DENVER – A man from Boulder, Colo., was arrested last week on drug-related money laundering charges.
This arrest was announced by the following agencies: U.S. Attorney's Office, District of Colorado; U.S. Immigration and Customs Enforcement's (ICE) Homeland Security Investigations (HSI); the Internal Revenue Service's (IRS) Criminal Investigation; U.S. Postal Inspection Service; and the Boulder County Drug Task Force.
Taylor Smith Hills, 25, was indicted by a federal grand jury in Denver Jan. 29 for money laundering in relation to distributing a control substance, illegally using the mail, making a false statement in a loan application, and failing to pay taxes. His initial appearance took place Jan. 30 in Denver, where he was advised of his rights.
According to the indictment, from March 31, 2011, through May 1, 2012, Hills allegedly engaged in financial transactions which involved the proceeds of distributing controlled substances. Hills allegedly conducted financial transactions knowing that the property involved in each transaction represented the proceeds of unlawful activity.
Furthermore, Hills knowingly and willfully made a false statement on a vehicle loan application to influence the action of JP Morgan Chase, a federally insured financial institution. Lastly, beginning on April 15, 2012, and continuing through Jan. 29, 2013, Hills knowingly and willfully failed to file an income tax return and pay income tax due for the calendar year 2011.
If convicted of the violations alleged in the indictment, Hills shall forfeit to the United States any and all right, title and interest in all property, real or personal, involved in such offenses, or all property traceable to such property, including but not limited to the following: a 2008 Ducati motorcycle, and U.S. currency located in a Roth IRA.
"Thanks to the joint efforts of local, state and federal law enforcement and prosecutorial agencies, a defendant involved in money laundering proceeds from the distribution of a controlled substance has been arrested for his misdeeds," said U.S. Attorney John Walsh.
"Drug trafficking organizations have to launder large sums of their illicit proceeds, often through financial institutions and other investment vehicles," said Kumar Kibble, special agent in charge of HSI Denver. "This investigation is another example of HSI working with our law enforcement partners to disrupt and dismantle these organizations by removing the assets they need to continue dealing in illicit drugs."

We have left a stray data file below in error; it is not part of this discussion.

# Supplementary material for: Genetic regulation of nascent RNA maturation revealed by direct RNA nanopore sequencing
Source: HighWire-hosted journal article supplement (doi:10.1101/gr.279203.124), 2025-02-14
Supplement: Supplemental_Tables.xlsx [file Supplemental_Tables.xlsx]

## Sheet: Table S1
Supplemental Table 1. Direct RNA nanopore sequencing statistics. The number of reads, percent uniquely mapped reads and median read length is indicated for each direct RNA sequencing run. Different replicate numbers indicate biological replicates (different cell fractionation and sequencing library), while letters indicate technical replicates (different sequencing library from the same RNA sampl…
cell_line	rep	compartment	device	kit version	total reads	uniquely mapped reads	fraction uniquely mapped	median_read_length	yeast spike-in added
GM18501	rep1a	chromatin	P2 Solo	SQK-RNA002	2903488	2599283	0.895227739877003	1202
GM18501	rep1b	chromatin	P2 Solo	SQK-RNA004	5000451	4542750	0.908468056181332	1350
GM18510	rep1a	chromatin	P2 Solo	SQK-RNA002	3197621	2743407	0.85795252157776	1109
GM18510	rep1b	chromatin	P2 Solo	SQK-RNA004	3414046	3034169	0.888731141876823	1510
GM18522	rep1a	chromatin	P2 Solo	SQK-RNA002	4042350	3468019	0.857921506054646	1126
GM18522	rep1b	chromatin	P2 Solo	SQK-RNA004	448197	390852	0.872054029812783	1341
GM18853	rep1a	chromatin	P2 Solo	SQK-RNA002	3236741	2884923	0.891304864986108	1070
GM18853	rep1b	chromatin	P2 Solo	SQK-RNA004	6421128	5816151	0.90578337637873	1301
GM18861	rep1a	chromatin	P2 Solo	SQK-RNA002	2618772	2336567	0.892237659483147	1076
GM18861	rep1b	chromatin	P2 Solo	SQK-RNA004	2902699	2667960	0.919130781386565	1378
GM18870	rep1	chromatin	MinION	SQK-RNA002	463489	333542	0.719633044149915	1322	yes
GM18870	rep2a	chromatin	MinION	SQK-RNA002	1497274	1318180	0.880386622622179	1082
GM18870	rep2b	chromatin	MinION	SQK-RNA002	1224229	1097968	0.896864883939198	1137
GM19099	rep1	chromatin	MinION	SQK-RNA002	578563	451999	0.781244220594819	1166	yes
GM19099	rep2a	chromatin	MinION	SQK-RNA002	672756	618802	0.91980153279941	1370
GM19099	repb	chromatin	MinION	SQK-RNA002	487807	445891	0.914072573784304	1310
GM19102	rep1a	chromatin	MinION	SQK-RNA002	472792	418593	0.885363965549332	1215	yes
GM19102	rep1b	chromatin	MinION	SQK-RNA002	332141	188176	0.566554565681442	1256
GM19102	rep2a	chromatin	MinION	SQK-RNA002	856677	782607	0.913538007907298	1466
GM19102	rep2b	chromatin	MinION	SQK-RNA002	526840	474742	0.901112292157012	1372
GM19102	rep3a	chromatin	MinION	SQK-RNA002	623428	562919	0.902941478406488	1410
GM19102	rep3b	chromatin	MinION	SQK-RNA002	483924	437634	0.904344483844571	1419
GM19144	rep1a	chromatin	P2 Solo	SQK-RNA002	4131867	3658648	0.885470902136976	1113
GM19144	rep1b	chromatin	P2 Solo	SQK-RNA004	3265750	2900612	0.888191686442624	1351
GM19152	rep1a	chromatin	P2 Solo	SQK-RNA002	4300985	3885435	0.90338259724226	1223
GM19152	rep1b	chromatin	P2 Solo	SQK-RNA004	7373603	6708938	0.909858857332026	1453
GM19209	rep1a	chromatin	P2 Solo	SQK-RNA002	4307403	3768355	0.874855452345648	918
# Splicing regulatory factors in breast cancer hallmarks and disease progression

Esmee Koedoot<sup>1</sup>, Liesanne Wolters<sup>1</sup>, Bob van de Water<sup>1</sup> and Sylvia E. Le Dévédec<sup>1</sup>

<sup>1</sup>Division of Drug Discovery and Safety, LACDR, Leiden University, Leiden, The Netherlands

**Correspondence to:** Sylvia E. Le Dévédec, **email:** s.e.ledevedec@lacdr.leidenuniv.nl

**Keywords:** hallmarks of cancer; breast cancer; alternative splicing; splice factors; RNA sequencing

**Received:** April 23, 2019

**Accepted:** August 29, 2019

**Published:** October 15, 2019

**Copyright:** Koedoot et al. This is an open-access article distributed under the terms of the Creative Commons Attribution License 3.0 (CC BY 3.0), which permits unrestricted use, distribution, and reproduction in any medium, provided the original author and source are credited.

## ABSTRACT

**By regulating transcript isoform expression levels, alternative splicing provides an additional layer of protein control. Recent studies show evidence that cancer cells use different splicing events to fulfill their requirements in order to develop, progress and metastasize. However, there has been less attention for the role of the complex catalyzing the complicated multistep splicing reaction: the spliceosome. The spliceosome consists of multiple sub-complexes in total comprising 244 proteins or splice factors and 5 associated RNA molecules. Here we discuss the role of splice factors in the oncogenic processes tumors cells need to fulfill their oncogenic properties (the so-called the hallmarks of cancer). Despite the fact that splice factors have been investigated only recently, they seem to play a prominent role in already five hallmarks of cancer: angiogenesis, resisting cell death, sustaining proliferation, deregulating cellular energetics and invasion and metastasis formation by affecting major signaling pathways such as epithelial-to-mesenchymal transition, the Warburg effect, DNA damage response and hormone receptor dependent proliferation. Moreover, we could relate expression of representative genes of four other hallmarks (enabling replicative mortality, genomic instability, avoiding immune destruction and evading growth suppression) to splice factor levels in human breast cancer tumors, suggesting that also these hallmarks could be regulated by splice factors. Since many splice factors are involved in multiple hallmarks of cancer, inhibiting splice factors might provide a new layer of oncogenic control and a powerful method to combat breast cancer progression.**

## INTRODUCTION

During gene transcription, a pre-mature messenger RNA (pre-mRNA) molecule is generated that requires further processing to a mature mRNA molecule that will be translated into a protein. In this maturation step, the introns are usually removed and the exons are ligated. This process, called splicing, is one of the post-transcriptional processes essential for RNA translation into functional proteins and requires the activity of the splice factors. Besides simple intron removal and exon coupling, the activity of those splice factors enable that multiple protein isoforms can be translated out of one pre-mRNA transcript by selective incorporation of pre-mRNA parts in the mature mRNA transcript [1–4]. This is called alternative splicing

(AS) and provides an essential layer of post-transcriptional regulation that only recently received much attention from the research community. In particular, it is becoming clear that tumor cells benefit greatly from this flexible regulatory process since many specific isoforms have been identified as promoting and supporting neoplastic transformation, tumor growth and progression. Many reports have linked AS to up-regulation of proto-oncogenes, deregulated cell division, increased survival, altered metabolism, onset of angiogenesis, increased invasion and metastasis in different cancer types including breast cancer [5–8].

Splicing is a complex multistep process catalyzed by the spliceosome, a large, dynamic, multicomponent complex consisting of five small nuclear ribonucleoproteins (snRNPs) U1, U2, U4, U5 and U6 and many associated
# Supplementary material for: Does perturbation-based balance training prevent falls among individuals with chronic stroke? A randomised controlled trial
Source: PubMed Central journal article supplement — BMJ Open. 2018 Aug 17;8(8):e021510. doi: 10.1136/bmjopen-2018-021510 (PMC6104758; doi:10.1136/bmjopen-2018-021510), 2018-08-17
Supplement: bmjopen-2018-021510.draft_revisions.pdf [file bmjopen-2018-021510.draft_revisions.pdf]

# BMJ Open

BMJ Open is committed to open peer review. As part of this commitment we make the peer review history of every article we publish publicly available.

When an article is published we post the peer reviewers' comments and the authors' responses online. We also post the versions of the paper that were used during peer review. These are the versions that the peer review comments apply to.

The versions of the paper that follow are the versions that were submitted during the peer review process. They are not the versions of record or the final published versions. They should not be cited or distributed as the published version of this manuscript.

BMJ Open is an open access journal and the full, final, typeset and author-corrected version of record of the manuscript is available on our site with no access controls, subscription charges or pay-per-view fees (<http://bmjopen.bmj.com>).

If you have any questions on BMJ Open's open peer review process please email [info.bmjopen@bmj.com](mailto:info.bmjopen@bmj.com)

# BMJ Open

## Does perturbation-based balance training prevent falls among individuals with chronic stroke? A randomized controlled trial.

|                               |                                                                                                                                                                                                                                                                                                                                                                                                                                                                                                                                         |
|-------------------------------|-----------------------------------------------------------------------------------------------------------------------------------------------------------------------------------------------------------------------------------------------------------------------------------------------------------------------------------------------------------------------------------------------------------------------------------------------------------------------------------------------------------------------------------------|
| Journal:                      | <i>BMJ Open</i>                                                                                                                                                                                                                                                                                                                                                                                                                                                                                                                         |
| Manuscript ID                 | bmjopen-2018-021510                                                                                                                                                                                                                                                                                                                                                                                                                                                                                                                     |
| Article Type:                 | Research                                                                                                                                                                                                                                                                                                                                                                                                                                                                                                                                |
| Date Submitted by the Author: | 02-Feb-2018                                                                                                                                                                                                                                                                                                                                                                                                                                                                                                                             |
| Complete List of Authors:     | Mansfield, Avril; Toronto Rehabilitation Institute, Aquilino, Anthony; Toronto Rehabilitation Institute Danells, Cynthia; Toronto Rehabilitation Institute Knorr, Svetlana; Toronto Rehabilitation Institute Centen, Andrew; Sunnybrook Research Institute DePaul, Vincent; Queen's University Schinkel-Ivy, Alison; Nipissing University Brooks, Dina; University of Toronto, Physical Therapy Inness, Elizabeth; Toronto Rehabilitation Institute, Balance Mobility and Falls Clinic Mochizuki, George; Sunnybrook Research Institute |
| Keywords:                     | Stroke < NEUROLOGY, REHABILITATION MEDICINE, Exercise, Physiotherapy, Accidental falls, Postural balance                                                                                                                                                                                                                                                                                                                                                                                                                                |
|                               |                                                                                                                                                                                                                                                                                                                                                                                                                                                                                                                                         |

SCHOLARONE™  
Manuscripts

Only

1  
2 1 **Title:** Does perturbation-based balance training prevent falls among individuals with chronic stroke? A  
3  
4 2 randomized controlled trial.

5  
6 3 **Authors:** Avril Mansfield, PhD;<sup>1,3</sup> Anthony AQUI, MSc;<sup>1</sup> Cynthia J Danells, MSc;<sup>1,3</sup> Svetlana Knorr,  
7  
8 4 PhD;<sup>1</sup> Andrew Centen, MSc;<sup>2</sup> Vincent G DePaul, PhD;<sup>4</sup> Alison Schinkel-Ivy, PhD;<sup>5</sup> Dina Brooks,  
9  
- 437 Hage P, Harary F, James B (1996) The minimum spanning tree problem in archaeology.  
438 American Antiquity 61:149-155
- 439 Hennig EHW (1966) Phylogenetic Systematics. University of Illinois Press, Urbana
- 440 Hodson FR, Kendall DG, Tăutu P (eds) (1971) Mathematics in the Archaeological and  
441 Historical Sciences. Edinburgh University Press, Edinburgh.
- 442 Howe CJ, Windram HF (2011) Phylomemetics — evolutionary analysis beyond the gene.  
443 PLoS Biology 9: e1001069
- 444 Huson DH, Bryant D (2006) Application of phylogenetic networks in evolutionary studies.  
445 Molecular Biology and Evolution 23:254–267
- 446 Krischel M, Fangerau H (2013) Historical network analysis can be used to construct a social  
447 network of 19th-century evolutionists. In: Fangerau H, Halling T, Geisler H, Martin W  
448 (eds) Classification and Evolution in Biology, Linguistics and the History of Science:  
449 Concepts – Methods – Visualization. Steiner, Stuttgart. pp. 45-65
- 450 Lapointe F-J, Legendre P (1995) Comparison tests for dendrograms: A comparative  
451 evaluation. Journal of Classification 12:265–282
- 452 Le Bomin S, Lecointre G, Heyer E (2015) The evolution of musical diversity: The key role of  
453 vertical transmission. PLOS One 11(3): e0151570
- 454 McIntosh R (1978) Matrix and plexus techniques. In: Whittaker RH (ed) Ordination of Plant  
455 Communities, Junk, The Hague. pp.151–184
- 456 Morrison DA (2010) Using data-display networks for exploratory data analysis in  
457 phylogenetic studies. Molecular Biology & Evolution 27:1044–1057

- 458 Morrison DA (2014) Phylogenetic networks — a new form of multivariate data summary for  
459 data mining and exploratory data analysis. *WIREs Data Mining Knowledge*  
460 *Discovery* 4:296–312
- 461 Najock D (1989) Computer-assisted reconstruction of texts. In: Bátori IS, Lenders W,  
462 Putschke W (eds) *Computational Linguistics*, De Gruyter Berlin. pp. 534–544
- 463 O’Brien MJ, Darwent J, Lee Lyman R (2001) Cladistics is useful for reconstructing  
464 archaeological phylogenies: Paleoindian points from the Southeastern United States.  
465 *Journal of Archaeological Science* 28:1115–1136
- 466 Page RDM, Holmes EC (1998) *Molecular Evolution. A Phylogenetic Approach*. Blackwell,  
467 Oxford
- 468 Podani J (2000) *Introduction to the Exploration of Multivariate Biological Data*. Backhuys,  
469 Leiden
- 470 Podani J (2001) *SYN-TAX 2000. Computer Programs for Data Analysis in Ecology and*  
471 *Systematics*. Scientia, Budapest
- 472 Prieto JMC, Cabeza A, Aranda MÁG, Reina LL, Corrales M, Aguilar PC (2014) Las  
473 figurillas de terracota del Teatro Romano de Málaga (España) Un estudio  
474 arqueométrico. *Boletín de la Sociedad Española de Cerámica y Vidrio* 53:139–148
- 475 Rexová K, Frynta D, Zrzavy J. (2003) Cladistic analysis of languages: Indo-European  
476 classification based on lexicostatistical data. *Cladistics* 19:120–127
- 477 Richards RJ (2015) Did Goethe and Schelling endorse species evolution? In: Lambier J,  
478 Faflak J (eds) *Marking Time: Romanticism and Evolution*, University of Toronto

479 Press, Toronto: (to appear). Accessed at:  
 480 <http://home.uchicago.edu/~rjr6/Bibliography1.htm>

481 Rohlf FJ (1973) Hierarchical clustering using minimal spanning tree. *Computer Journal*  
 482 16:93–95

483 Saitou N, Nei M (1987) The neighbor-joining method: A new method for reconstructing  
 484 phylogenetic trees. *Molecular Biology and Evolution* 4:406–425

"This is a great example of law enforcement agencies working together. IRS Criminal Investigation's goal in drug cases is to help put drug dealers in jail and financially disrupt their efforts by seizing the drug proceeds," said Stephen Boyd, Special Agent in Charge, IRS Criminal Investigation, Denver Field Office.
"Individuals who use the U.S. Mail to facilitate the transportation of illegal drugs and related proceeds are violating federal law. These are priority investigations for our agency," said Adam Behnen, Inspector in Charge, U.S. Postal Inspection Service, Denver Division.
"The investigation demonstrates the effectiveness of federal agencies working in cooperation with local law enforcement. The District Attorney's Office of the 20th Judicial District and the Boulder County Drug Task Force would like to thank all the federal agencies and agents involved in making this investigation possible," said Ken Kupfner, Chief Trial Deputy, 20th Judicial District.
Taylor Hills was charged with 17 counts of money laundering, 12 counts of illegally using the mail, one count of making a false statement in loan application, and one count of failing to file a tax return.
If convicted of money laundering, he faces not more than 20 years in federal prison, and a fine of up to $500,000 per count. If convicted of illegally using the mail, he faces not more than four years in federal prison, and a fine of up to $250,000 per count. If convicted of making a false statement in a loan application, he faces not more than 30 years in federal prison, and a fine of up to $1 million per count. If convicted of failing to file a tax return, he faces not more than a year in federal prison, and a fine of up to $25,000 per count.
This case was investigated by agents with HSI, IRS-Criminal Investigation, U.S Postal Inspection Service, officers from the Boulder County Drug Task Force, and the Boulder County District Attorney's Office.
Assistant U.S. Attorney Michele Korver, District of Colorado, is prosecuting this case.
The charges contained in the indictment are allegations, and the defendant is presumed innocent unless and until proven guilty.